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Columbia River,  click link and see also lower  this page.

Willamette River, click  link and see also the following:

Willamette River, Benton County, Oregon                                                             

Above, Looking downstream

Left, Looking upstream, fallen log on right.


Left, clear water, broken rubble and stones, algal growth, and some debris cover stones.


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    In July 2009, samples were taken in the Willamette River, Benton Co., Oregon, (above)  for comparison with July samples from the Saskatchewan River (Notes #3).   At Borden Bridge, Sask., 15 minutes of sampling yielded a diverse community including Odonata, Plecoptera, many kinds of Ephemeroptera, and some Trichoptera.  See pdf.

Borden Bridge july 2006 edited 09.pdf

The pdf shows detailed results from 2006, and the July 2009 samples were similar.
    
       In contrast,  very little was found in the Willamette River in July- -a total of about a dozen  individual specimens of Hydropsychidae, Baetidae, Heptageniidae, and Gammarids after 15 minutes of sampling.   The dozen or so specimens in the Willamette River contrast with the hundreds of individuals in samples from Saskatchewan in July. Sampling conditions were good in both places and the same methods were used.

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     On a second sampling date in early August at Albany, Oregon, in the Willamette River, only two taxa  of mayflies and one caddis were collected, these being Tricorythodes, Heptagenia, and Brachycentrus, species names yet to be determined.
  
This individual of the genus Tricorythodes is only about two mm long.  The character that separates this genus from all others is the triangular abdominal gill, attached behind the hind leg.  See Ephemeroptera for comments and classification, and Keys for identification.
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 The difference  in diversity between the Saskatchewan and Willamette Rivers in mid-summer is most certainly explained  by ecological conditions and climate- and not because of pollution or ecological disturbance.  My notebook graphs (below) from many years ago show that adults emerge in nearby Oak Creek in Benton County  from April to June, and there is almost no emergence in July.  This and other samples show that few or no immature stages are present in July. 
       More observations are needed, but it  seems that stream insects in Oregon avoid the hot weather  from July to Sept. and pass this period in the egg stage.   In  contrast in Saskatchewan, July to Sept. have the greatest diversity and abundance of larvae present in the river. In Saskatchewan  the pattern is to escape the cold months (October to March and April), and greatest activity is in the summer.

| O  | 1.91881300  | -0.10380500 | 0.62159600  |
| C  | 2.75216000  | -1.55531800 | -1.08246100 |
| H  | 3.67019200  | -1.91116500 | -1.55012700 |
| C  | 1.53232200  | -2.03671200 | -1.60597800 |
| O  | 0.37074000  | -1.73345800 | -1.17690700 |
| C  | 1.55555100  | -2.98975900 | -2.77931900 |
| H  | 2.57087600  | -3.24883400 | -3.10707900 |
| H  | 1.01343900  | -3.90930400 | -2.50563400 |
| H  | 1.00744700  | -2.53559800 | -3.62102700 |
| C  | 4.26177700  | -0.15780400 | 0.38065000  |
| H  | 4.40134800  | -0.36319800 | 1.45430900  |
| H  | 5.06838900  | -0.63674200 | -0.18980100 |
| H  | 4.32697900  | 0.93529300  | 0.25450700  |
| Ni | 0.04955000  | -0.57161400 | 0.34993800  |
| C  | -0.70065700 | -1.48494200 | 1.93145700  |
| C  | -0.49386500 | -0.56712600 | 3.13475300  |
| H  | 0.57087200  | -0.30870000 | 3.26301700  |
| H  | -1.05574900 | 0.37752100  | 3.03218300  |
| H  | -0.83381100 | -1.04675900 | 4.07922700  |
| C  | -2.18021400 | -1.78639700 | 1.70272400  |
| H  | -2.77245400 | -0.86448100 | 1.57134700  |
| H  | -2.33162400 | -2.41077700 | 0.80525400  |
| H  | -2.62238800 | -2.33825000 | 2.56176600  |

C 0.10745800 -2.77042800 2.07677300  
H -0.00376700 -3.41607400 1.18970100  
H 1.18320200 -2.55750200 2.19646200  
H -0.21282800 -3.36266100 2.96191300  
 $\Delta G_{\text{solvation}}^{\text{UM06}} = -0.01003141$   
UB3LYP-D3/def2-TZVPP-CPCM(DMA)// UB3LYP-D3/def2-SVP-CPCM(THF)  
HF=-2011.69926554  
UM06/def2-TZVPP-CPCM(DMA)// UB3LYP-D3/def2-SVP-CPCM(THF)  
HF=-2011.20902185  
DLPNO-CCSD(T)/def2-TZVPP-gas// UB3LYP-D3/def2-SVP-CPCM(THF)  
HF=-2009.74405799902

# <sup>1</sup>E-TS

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      I commented on this adaptation to the very hot and dry summers with rainy winters in Oregon in an early paper:
Lehmkuhl D.M. 1973. Adaptations to a marine climate illustrated by Ephemeroptera.  In: Peters W.L. & Peters J.G. (eds). Proceedings of the 1st international conference on Ephemeroptera. E.J. Brill, Leiden: 33-38, 1 pl. See Oregon Winter  Ponds for related discussion.

marine climate.pdf

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Mayfly emergence,  Benton County, Oregon, Oak Creek Tent Trap, all species
         March             April                     May                   June                  July 
       Few or no adults March     Many adults May, June                 Few or no adults July
Below, total emergence, all species
 Few or no adults March               Many adults May, June              Few or no adults July
  Water temperature minimum, 4 C February, High 19 late June.   
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Columbia River
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     We (with Rie Miyazaki) took samples in the Columba River in early  August 2009. The photos show the area and sampling conditions, and comments and results are given below.
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Columbia River, view from Vista House, near (east of) Portland, Oregon
Boat ramp leading to Columbia RiverStones with algae
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    We (Rie Miyazaki and I) have had lots of experience sampling in large rivers, and we collected for about half an hour at the site above, near Vista House.  Conditions were very good.  Substrates included rubble and broken stones, sand depositional areas, and branches and log wood substrates.  Current was not detectable as directional, but wave action created much turbulence over the substrates.

     In a half hour, no insects were found except Chironomid tubes.  Dozens of Gammarids could be collected in the rubble pictured above, and several leeches, not identified, were also collected.  Green filamenous algae was present in small quantities on the rocks.

Further information and comments to follow:
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